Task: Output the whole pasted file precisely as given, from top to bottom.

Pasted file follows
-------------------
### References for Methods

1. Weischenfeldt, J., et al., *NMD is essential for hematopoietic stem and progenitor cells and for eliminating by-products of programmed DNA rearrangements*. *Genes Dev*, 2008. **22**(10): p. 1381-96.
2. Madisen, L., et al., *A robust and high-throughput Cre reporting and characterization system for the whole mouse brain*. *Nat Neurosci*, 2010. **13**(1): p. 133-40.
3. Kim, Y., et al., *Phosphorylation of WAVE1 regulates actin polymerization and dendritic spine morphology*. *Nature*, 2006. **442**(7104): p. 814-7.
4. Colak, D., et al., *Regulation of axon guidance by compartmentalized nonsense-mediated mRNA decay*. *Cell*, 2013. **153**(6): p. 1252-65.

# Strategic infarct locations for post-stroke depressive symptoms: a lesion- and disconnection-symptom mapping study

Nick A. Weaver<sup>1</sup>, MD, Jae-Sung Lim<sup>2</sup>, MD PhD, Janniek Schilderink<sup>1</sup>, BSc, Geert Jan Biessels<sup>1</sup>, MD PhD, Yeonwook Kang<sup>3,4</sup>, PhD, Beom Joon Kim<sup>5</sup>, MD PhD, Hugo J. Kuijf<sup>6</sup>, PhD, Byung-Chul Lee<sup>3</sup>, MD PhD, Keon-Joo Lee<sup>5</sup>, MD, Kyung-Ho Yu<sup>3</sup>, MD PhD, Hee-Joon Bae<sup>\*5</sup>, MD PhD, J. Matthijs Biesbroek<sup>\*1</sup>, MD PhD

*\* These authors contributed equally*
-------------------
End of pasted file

### References for Methods

1. Weischenfeldt, J., et al., *NMD is essential for hematopoietic stem and progenitor cells and for eliminating by-products of programmed DNA rearrangements*. *Genes Dev*, 2008. **22**(10): p. 1381-96.
2. Madisen, L., et al., *A robust and high-throughput Cre reporting and characterization system for the whole mouse brain*. *Nat Neurosci*, 2010. **13**(1): p. 133-40.
3. Kim, Y., et al., *Phosphorylation of WAVE1 regulates actin polymerization and dendritic spine morphology*. *Nature*, 2006. **442**(7104): p. 814-7.
4. Colak, D., et al., *Regulation of axon guidance by compartmentalized nonsense-mediated mRNA decay*. *Cell*, 2013. **153**(6): p. 1252-65.

# Strategic infarct locations for post-stroke depressive symptoms: a lesion- and disconnection-symptom mapping study

Nick A. Weaver<sup>1</sup>, MD, Jae-Sung Lim<sup>2</sup>, MD PhD, Janniek Schilderink<sup>1</sup>, BSc, Geert Jan Biessels<sup>1</sup>, MD PhD, Yeonwook Kang<sup>3,4</sup>, PhD, Beom Joon Kim<sup>5</sup>, MD PhD, Hugo J. Kuijf<sup>6</sup>, PhD, Byung-Chul Lee<sup>3</sup>, MD PhD, Keon-Joo Lee<sup>5</sup>, MD, Kyung-Ho Yu<sup>3</sup>, MD PhD, Hee-Joon Bae<sup>\*5</sup>, MD PhD, J. Matthijs Biesbroek<sup>\*1</sup>, MD PhD

*\* These authors contributed equally*